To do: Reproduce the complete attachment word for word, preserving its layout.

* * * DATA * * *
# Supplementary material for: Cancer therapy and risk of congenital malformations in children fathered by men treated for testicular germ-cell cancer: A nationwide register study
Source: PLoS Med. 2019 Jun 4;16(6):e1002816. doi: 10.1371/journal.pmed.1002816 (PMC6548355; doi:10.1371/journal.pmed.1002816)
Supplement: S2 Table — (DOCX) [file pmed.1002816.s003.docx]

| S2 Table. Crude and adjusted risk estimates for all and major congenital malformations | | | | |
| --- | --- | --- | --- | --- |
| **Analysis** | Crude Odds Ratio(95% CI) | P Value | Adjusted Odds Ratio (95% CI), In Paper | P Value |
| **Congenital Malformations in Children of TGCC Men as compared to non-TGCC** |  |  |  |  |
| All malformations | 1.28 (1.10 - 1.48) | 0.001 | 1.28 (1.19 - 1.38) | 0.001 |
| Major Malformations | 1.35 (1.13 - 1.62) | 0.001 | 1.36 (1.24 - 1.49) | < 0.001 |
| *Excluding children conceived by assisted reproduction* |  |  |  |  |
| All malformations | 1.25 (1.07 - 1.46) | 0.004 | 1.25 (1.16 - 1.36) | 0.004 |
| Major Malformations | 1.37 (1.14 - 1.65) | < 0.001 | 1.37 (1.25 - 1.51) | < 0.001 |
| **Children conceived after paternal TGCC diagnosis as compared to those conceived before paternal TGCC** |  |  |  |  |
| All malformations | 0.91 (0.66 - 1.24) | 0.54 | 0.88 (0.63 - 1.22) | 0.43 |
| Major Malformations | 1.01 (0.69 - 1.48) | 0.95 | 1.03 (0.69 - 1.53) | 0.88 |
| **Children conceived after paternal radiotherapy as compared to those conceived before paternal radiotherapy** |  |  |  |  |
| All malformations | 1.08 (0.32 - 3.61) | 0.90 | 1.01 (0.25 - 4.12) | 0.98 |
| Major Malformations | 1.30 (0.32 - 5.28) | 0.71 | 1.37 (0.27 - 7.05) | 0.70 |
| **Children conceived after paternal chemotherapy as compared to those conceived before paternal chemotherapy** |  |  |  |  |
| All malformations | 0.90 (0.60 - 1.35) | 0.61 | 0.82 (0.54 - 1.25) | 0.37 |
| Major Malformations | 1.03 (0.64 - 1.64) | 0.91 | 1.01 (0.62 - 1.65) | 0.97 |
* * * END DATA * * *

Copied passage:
# Supplementary material for: Cancer therapy and risk of congenital malformations in children fathered by men treated for testicular germ-cell cancer: A nationwide register study
Source: PLoS Med. 2019 Jun 4;16(6):e1002816. doi: 10.1371/journal.pmed.1002816 (PMC6548355; doi:10.1371/journal.pmed.1002816)
Supplement: S2 Table — (DOCX) [file pmed.1002816.s003.docx]

| S2 Table. Crude and adjusted risk estimates for all and major congenital malformations | | | | |
| --- | --- | --- | --- | --- |
| **Analysis** | Crude Odds Ratio(95% CI) | P Value | Adjusted Odds Ratio (95% CI), In Paper | P Value |
| **Congenital Malformations in Children of TGCC Men as compared to non-TGCC** |  |  |  |  |
| All malformations | 1.28 (1.10 - 1.48) | 0.001 | 1.28 (1.19 - 1.38) | 0.001 |
| Major Malformations | 1.35 (1.13 - 1.62) | 0.001 | 1.36 (1.24 - 1.49) | < 0.001 |
| *Excluding children conceived by assisted reproduction* |  |  |  |  |
| All malformations | 1.25 (1.07 - 1.46) | 0.004 | 1.25 (1.16 - 1.36) | 0.004 |
| Major Malformations | 1.37 (1.14 - 1.65) | < 0.001 | 1.37 (1.25 - 1.51) | < 0.001 |
| **Children conceived after paternal TGCC diagnosis as compared to those conceived before paternal TGCC** |  |  |  |  |
| All malformations | 0.91 (0.66 - 1.24) | 0.54 | 0.88 (0.63 - 1.22) | 0.43 |
| Major Malformations | 1.01 (0.69 - 1.48) | 0.95 | 1.03 (0.69 - 1.53) | 0.88 |
| **Children conceived after paternal radiotherapy as compared to those conceived before paternal radiotherapy** |  |  |  |  |
| All malformations | 1.08 (0.32 - 3.61) | 0.90 | 1.01 (0.25 - 4.12) | 0.98 |
| Major Malformations | 1.30 (0.32 - 5.28) | 0.71 | 1.37 (0.27 - 7.05) | 0.70 |
| **Children conceived after paternal chemotherapy as compared to those conceived before paternal chemotherapy** |  |  |  |  |
| All malformations | 0.90 (0.60 - 1.35) | 0.61 | 0.82 (0.54 - 1.25) | 0.37 |
| Major Malformations | 1.03 (0.64 - 1.64) | 0.91 | 1.01 (0.62 - 1.65) | 0.97 |